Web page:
First in a series of concerns regarding the makeup of the 2008 Raiders with the reporting date approaching on July 25 at the Napa Marriott:
There is a lot of speculation regarding the Raiders’ potential problems at tackle, with most of it centering on the left side and free acquisition Kwame Harris.
I am more concerned about the right side, where it appears Cornell Green was in the process of holding off second-year man Mario Henderson during the mandatory minicamp and OTAs.
Harris, the way I understand it, was personally approved by line coach Tom Cable, who deserves the benefit of the doubt considering what he did with the Raiders line last season. The Raiders think they can take some of the pressure off Harris with quick timing passes and blocking help from fullbacks or backs in motion, and think Harris can be a real asset on the second level in the running game.
This isn’t a knock at Green, who is coming off knee surgery and beginning his 10th season. He is your classic veteran backup, a good locker room guy who can fill in in a pinch without a significant dropoff.
In other words, the perfect guy to have around to help out a first-time starter.
In theory, that would be Henderson, whom the Raiders traded up to get in the third round in the 2007 draft. Henderson was so raw he suited up only once even though Green was gone after 10 games with a knee injury.
Instead of seeing Henderson take a quantum leap after his year of learning, there have been more red flags than in the parking lot at Arrowhead Stadium.
It was more than simply the sight of Derrick Burgess racing around Henderson during the mandatory camp, and other linemen doing the same. Burgess can make a lot of linemen look silly, especially when they’re prohibited from firing off putting them on the ground. Nor was it the fact that other linemen were also getting past him.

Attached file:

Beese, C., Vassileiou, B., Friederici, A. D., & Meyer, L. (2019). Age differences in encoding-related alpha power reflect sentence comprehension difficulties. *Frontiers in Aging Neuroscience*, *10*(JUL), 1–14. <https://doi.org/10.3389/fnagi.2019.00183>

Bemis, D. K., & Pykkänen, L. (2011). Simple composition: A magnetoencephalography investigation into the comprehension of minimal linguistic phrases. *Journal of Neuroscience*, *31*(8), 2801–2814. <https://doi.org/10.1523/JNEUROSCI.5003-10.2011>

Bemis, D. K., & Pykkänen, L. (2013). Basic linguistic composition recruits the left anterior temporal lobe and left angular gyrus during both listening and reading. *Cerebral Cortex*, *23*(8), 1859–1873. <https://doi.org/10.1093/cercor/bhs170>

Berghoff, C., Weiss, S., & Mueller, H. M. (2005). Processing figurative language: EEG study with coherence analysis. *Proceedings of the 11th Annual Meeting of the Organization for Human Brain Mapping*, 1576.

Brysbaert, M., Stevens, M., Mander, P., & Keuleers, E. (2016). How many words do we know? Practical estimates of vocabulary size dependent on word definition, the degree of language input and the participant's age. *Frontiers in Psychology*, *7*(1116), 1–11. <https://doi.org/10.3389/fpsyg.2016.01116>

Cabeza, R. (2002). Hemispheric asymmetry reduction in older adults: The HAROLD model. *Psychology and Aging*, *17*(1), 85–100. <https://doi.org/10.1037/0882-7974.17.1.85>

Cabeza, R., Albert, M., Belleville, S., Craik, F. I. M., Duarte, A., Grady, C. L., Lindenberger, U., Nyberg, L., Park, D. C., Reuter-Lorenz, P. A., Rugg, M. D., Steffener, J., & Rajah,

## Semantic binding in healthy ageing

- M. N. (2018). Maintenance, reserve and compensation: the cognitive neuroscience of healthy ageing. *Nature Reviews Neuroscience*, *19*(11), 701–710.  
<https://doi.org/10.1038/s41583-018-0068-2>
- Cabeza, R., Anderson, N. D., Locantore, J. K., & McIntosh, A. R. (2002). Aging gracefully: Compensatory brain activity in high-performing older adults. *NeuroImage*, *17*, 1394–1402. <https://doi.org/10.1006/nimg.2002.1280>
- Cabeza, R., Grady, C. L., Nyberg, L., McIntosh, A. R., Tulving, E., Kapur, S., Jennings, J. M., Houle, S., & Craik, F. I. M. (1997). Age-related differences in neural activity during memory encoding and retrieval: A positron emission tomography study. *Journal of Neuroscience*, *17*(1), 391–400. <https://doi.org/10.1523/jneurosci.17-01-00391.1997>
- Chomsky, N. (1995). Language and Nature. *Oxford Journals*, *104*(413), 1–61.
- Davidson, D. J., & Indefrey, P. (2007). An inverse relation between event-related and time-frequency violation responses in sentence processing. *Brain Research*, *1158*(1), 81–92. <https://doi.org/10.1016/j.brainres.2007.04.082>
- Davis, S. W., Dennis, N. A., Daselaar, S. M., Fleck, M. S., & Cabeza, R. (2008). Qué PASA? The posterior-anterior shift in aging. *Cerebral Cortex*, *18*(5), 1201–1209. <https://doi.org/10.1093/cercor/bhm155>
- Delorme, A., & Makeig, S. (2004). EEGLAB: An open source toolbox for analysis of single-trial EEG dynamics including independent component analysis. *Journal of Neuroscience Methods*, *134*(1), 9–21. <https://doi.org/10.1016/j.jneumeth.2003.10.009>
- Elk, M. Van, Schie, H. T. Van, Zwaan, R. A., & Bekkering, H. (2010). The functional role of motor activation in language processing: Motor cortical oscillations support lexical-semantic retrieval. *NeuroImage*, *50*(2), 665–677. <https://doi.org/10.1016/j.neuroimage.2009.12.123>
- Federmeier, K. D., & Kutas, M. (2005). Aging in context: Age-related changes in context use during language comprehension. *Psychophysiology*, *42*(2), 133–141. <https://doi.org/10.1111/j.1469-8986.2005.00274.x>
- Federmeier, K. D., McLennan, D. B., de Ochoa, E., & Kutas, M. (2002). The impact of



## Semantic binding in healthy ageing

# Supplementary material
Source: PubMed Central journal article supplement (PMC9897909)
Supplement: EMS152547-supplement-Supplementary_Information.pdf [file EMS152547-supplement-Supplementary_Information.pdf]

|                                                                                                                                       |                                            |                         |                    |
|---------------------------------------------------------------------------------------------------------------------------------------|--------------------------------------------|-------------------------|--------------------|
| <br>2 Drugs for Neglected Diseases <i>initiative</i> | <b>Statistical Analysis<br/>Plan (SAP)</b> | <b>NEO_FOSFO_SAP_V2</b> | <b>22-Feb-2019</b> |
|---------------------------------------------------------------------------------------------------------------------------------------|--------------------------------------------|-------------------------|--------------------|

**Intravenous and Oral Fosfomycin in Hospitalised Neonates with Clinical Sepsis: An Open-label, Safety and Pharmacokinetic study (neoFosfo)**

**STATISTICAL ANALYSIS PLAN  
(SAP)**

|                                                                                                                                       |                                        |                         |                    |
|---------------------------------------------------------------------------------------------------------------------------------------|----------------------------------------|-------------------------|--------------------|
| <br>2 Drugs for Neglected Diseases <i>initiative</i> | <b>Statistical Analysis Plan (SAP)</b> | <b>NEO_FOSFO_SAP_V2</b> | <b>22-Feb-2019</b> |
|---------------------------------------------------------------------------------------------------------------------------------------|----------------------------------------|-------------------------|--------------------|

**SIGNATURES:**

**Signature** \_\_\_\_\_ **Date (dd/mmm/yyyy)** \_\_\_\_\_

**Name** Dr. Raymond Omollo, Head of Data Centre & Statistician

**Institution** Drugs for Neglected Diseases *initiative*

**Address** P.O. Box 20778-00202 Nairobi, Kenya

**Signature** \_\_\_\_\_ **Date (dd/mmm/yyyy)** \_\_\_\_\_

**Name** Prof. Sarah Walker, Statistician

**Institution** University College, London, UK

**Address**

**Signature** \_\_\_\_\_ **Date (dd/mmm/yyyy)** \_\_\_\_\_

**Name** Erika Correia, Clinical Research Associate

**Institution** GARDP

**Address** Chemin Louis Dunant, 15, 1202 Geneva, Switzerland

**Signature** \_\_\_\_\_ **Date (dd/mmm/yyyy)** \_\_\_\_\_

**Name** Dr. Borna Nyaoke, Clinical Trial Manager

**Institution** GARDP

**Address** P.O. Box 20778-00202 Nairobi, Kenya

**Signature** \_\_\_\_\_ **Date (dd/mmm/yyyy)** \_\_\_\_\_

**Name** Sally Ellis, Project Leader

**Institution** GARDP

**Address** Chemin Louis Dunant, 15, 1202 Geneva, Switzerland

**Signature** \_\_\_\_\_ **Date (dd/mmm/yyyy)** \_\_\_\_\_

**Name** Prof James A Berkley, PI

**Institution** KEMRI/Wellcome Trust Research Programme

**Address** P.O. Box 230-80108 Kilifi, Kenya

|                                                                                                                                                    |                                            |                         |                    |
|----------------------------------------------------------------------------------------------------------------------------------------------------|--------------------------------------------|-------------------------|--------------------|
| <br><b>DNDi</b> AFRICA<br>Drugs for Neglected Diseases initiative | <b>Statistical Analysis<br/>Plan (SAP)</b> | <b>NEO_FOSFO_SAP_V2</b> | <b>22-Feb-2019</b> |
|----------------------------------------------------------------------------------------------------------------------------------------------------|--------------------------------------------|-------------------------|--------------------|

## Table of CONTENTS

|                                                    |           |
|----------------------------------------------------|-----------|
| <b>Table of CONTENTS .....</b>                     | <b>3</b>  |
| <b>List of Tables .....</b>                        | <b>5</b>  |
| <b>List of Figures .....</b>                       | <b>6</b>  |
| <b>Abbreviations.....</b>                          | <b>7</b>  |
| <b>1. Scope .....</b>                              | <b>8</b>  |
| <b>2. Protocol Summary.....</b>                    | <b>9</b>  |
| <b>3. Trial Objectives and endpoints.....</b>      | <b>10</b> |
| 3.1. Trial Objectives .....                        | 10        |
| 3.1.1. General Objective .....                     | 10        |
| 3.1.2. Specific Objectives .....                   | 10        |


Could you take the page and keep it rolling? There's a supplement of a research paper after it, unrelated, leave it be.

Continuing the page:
It also wasn’t all that big a deal to see Cable get into Henderson pretty good on occasion, because that’s what Cable does.
It was coach Lane Kiffin’s assessment of Henderson’s issues which make you wonder if the 6-foot-7, 300-pounder is ready to seize the job and make his mark as an NFL player.
“Pads will be big for Mario. Mario’s got a lot of tools but he needs to become a physical player,” Kiffin said. “To play on this line, we want physical guys and so that’s where Mario is going to have to really grow.”
And then there was this:
“There was a lot of ability there when we picked him,” Kiffin said. “There were some questions about how physical he was, about his passion for the game, for the position, so we’re trying to improve that.”
So he’s an offensive tackle on a run-oriented team who is neither physical nor has a real passion for the game _ which only happen to be two of the most important attributes a lineman can have.
Perhaps Henderson isn’t physical because he is not yet sure of his footwork or responsibilities. He was a late-bloomer of sorts at Florida State and the same thing could be going on in the NFL.
The “passion” issue is more troubling. Kiffin talked of developing the trait, but is that even possible? You’re either passionate about something or you aren’t. If Henderson isn’t consumed by the desire to be a great player, it doesn’t seem likely to happen because his coach said it should. That doesn’t mean he can’t be a professional, a clock-puncher who works at his craft even if he doesn’t love it, but it certainly could prevent him from being an elite player.